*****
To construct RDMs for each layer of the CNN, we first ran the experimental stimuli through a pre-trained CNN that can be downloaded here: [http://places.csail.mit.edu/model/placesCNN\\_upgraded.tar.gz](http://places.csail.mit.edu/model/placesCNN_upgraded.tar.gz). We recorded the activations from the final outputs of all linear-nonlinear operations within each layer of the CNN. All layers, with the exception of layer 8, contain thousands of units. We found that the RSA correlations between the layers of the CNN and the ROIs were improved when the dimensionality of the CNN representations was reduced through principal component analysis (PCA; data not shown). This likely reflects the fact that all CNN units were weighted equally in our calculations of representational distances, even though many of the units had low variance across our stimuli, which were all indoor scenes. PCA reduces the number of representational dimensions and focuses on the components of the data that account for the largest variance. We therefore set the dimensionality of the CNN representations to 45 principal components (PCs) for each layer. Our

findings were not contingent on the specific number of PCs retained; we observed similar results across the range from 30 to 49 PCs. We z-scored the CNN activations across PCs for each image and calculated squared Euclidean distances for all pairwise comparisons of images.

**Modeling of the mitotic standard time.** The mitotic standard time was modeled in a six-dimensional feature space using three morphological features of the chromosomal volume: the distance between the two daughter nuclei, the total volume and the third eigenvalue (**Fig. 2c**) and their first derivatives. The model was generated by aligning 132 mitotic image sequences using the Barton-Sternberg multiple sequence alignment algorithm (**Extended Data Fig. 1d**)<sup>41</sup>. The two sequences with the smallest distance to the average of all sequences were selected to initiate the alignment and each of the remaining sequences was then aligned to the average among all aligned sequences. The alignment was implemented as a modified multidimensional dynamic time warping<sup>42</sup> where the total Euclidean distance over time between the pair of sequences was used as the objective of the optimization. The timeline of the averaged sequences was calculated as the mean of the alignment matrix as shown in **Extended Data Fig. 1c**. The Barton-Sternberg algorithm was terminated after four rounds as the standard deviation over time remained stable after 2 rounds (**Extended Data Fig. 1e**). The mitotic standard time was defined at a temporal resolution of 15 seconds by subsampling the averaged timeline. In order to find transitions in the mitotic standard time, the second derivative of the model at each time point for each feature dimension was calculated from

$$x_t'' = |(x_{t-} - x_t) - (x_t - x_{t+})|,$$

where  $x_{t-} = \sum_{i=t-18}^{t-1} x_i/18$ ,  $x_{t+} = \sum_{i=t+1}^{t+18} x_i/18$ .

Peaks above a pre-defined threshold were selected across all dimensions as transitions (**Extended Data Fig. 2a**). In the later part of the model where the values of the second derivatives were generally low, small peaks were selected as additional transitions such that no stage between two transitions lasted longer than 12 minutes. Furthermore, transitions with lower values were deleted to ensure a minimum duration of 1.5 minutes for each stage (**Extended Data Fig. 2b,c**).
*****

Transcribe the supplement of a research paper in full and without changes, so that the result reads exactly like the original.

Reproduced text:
To construct RDMs for each layer of the CNN, we first ran the experimental stimuli through a pre-trained CNN that can be downloaded here: [http://places.csail.mit.edu/model/placesCNN\\_upgraded.tar.gz](http://places.csail.mit.edu/model/placesCNN_upgraded.tar.gz). We recorded the activations from the final outputs of all linear-nonlinear operations within each layer of the CNN. All layers, with the exception of layer 8, contain thousands of units. We found that the RSA correlations between the layers of the CNN and the ROIs were improved when the dimensionality of the CNN representations was reduced through principal component analysis (PCA; data not shown). This likely reflects the fact that all CNN units were weighted equally in our calculations of representational distances, even though many of the units had low variance across our stimuli, which were all indoor scenes. PCA reduces the number of representational dimensions and focuses on the components of the data that account for the largest variance. We therefore set the dimensionality of the CNN representations to 45 principal components (PCs) for each layer. Our

findings were not contingent on the specific number of PCs retained; we observed similar results across the range from 30 to 49 PCs. We z-scored the CNN activations across PCs for each image and calculated squared Euclidean distances for all pairwise comparisons of images.

**Modeling of the mitotic standard time.** The mitotic standard time was modeled in a six-dimensional feature space using three morphological features of the chromosomal volume: the distance between the two daughter nuclei, the total volume and the third eigenvalue (**Fig. 2c**) and their first derivatives. The model was generated by aligning 132 mitotic image sequences using the Barton-Sternberg multiple sequence alignment algorithm (**Extended Data Fig. 1d**)<sup>41</sup>. The two sequences with the smallest distance to the average of all sequences were selected to initiate the alignment and each of the remaining sequences was then aligned to the average among all aligned sequences. The alignment was implemented as a modified multidimensional dynamic time warping<sup>42</sup> where the total Euclidean distance over time between the pair of sequences was used as the objective of the optimization. The timeline of the averaged sequences was calculated as the mean of the alignment matrix as shown in **Extended Data Fig. 1c**. The Barton-Sternberg algorithm was terminated after four rounds as the standard deviation over time remained stable after 2 rounds (**Extended Data Fig. 1e**). The mitotic standard time was defined at a temporal resolution of 15 seconds by subsampling the averaged timeline. In order to find transitions in the mitotic standard time, the second derivative of the model at each time point for each feature dimension was calculated from

$$x_t'' = |(x_{t-} - x_t) - (x_t - x_{t+})|,$$

where  $x_{t-} = \sum_{i=t-18}^{t-1} x_i/18$ ,  $x_{t+} = \sum_{i=t+1}^{t+18} x_i/18$ .

Peaks above a pre-defined threshold were selected across all dimensions as transitions (**Extended Data Fig. 2a**). In the later part of the model where the values of the second derivatives were generally low, small peaks were selected as additional transitions such that no stage between two transitions lasted longer than 12 minutes. Furthermore, transitions with lower values were deleted to ensure a minimum duration of 1.5 minutes for each stage (**Extended Data Fig. 2b,c**).